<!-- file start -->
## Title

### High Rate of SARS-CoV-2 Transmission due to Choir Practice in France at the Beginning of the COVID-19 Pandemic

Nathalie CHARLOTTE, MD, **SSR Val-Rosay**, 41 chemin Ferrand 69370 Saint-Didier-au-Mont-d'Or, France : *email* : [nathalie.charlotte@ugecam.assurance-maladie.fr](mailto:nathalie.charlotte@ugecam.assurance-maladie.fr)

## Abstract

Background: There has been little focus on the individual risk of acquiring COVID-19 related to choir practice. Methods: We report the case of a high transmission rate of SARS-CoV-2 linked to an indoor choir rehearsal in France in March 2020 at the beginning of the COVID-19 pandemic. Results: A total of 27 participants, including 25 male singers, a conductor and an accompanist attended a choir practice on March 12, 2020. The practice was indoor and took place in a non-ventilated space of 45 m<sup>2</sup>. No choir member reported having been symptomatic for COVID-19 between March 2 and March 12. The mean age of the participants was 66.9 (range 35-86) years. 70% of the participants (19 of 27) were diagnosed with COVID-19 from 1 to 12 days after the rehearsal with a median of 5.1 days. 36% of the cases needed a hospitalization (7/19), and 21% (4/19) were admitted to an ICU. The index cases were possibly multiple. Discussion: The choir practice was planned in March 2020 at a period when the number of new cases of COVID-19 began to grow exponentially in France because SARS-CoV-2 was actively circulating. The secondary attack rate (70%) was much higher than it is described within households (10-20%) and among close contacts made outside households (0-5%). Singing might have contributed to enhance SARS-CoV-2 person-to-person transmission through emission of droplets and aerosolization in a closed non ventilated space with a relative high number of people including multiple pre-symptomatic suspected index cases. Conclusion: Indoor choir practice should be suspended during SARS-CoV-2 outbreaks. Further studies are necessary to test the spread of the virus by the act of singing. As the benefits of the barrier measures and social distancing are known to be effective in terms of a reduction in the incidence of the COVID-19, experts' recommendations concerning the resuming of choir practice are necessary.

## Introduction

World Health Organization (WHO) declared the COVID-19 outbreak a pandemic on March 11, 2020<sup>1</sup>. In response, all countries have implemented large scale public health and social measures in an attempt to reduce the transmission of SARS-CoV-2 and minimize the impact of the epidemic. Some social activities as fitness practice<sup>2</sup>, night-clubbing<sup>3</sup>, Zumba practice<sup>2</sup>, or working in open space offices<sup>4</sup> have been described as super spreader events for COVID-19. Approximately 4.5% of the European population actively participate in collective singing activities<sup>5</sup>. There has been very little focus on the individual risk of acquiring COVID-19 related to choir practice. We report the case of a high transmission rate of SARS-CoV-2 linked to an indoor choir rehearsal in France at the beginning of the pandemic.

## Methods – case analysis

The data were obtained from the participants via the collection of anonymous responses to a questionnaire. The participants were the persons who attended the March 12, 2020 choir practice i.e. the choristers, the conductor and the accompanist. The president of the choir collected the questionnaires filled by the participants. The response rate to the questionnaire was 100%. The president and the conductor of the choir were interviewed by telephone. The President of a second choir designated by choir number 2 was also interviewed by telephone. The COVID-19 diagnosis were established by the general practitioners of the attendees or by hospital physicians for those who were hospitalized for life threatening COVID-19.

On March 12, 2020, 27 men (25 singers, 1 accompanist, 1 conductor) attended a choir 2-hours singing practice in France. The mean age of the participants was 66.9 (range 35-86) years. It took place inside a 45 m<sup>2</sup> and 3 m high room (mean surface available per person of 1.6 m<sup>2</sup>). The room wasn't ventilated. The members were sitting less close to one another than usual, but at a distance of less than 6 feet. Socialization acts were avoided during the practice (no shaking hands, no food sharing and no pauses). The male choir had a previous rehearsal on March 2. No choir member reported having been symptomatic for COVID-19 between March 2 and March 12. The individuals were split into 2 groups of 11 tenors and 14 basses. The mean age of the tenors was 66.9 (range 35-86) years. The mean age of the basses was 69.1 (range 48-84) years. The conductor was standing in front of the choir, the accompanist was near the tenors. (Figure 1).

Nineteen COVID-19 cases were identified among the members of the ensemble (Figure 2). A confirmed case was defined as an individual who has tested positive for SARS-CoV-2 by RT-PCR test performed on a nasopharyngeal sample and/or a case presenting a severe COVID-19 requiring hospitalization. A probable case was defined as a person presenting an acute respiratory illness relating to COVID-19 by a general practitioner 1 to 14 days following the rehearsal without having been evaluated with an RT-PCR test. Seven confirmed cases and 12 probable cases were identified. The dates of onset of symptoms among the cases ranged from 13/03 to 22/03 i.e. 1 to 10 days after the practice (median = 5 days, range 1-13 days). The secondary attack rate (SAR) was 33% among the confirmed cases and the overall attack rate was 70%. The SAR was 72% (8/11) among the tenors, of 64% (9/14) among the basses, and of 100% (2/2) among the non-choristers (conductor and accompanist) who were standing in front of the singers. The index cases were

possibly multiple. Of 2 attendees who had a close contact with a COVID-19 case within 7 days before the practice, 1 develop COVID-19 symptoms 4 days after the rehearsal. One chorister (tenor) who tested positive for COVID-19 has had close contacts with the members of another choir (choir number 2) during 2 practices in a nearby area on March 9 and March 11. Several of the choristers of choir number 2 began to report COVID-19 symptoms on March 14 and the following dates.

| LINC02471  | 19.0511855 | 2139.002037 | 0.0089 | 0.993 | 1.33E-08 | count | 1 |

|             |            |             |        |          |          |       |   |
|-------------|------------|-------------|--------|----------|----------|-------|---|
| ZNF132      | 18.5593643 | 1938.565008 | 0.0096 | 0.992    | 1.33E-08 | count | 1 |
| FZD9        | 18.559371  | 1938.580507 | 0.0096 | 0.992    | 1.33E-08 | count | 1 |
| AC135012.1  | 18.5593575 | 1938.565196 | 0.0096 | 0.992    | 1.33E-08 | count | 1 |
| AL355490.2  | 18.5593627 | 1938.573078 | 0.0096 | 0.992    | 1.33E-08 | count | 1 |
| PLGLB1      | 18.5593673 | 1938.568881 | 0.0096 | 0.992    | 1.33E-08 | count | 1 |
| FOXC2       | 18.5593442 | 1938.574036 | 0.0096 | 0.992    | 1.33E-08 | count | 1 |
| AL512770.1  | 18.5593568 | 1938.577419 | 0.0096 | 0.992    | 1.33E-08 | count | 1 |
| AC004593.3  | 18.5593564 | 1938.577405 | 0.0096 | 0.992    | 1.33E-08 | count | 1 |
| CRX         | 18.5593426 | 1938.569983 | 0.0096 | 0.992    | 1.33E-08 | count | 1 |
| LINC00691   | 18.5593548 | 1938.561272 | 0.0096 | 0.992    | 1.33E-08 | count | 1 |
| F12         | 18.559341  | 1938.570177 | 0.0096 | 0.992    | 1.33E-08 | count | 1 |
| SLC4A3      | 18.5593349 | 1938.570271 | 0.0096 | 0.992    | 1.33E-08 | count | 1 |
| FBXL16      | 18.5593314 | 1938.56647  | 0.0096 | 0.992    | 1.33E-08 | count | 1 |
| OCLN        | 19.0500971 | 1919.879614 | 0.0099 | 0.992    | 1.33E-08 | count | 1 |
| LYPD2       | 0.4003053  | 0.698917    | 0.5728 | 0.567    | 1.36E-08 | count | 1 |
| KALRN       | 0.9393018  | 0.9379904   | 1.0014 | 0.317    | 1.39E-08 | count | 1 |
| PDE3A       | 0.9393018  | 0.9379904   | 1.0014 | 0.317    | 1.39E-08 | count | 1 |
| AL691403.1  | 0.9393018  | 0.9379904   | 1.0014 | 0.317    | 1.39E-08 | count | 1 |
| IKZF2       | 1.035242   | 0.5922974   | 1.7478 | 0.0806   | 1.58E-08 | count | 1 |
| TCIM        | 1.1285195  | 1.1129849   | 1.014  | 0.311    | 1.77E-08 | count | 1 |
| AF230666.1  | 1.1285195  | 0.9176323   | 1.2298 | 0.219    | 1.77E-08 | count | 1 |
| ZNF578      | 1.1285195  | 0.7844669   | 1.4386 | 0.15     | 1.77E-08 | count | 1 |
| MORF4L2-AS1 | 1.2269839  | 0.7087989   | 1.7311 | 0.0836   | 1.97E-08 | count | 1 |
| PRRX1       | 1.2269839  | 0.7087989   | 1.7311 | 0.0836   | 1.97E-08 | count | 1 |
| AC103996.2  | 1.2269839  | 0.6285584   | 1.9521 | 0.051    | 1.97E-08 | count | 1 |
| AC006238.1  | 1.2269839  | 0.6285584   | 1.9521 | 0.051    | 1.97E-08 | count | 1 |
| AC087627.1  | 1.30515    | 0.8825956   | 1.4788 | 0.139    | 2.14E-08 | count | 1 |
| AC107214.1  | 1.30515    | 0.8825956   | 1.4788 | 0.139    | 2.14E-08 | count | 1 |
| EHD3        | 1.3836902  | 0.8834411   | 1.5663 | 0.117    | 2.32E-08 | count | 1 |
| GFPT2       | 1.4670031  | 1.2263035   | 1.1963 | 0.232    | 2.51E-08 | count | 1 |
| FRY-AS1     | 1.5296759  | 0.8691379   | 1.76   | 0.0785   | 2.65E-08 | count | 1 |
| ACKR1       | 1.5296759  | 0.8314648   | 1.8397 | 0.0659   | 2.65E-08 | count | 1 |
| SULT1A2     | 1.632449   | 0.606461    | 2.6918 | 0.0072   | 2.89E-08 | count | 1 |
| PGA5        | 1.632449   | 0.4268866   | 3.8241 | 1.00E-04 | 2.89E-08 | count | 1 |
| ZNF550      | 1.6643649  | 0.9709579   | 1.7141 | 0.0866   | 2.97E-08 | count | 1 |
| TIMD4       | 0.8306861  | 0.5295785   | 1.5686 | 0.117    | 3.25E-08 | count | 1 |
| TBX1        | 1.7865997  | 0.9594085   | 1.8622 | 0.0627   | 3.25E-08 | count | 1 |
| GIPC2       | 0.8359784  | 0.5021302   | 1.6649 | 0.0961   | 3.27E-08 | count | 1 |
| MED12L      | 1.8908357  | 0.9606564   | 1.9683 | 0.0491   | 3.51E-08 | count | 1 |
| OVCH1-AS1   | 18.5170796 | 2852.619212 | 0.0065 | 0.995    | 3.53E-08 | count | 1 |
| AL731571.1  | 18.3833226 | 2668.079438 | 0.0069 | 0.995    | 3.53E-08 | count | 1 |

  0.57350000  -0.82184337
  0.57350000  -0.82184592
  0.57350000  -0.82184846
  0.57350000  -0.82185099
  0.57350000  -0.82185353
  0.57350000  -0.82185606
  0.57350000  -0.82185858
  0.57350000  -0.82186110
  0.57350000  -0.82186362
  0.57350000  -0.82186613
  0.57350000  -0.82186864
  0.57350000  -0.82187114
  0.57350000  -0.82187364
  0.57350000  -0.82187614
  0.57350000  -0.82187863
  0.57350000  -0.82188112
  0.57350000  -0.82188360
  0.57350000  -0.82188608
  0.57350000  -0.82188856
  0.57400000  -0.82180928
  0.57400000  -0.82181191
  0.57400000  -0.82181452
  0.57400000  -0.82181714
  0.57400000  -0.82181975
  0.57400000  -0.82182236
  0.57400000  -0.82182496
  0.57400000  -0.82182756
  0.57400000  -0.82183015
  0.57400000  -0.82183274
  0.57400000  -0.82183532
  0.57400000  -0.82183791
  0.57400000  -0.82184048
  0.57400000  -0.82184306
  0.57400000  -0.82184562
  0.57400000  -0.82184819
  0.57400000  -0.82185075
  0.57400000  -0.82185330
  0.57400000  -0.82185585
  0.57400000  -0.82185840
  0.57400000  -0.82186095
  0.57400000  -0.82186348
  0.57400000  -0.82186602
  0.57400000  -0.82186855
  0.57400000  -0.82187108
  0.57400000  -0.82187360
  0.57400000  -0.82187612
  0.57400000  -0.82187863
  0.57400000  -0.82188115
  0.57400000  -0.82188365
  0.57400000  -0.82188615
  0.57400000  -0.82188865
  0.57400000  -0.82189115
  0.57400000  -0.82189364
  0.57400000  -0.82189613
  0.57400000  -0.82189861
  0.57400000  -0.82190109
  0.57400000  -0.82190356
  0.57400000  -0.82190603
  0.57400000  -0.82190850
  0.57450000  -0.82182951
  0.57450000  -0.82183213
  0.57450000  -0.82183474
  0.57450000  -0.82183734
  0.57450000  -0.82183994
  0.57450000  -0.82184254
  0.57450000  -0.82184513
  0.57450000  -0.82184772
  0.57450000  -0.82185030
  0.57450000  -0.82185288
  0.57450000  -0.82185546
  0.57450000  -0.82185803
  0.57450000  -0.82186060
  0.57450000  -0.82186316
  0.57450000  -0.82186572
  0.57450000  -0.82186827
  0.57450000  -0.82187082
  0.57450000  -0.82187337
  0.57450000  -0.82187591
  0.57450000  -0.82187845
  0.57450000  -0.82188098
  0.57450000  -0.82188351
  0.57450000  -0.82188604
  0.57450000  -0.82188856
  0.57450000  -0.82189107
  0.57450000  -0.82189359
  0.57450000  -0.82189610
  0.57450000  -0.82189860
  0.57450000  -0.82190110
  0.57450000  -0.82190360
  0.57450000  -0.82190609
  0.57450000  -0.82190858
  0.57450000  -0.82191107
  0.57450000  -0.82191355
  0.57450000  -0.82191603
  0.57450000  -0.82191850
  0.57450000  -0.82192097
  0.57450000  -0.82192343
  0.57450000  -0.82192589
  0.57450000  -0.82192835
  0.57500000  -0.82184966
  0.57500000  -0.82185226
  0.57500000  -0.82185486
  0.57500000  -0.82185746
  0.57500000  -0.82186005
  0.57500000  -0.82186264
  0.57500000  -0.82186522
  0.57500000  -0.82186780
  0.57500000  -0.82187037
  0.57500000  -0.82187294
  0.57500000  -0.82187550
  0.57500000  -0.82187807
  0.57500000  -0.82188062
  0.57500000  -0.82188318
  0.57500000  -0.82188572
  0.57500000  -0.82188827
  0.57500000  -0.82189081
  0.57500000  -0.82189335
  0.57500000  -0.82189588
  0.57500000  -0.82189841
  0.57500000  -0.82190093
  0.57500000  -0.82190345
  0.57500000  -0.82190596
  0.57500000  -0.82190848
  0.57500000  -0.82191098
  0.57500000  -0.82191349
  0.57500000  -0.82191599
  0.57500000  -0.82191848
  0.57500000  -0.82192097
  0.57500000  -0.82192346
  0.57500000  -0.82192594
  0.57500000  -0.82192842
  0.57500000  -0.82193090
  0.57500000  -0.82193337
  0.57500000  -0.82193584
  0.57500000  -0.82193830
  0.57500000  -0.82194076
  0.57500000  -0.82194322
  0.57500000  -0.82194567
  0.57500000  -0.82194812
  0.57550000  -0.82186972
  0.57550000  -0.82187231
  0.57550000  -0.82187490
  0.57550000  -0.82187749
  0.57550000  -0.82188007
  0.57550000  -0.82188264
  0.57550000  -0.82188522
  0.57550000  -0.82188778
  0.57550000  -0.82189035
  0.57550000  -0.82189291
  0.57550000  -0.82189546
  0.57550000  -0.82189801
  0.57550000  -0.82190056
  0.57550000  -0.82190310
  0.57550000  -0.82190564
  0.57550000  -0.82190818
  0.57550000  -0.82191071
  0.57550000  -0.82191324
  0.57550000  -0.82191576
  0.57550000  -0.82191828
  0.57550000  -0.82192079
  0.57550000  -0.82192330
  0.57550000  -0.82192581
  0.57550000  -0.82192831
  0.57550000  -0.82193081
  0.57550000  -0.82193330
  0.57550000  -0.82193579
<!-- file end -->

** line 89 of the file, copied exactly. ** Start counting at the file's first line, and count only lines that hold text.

  0.57400000  -0.82184306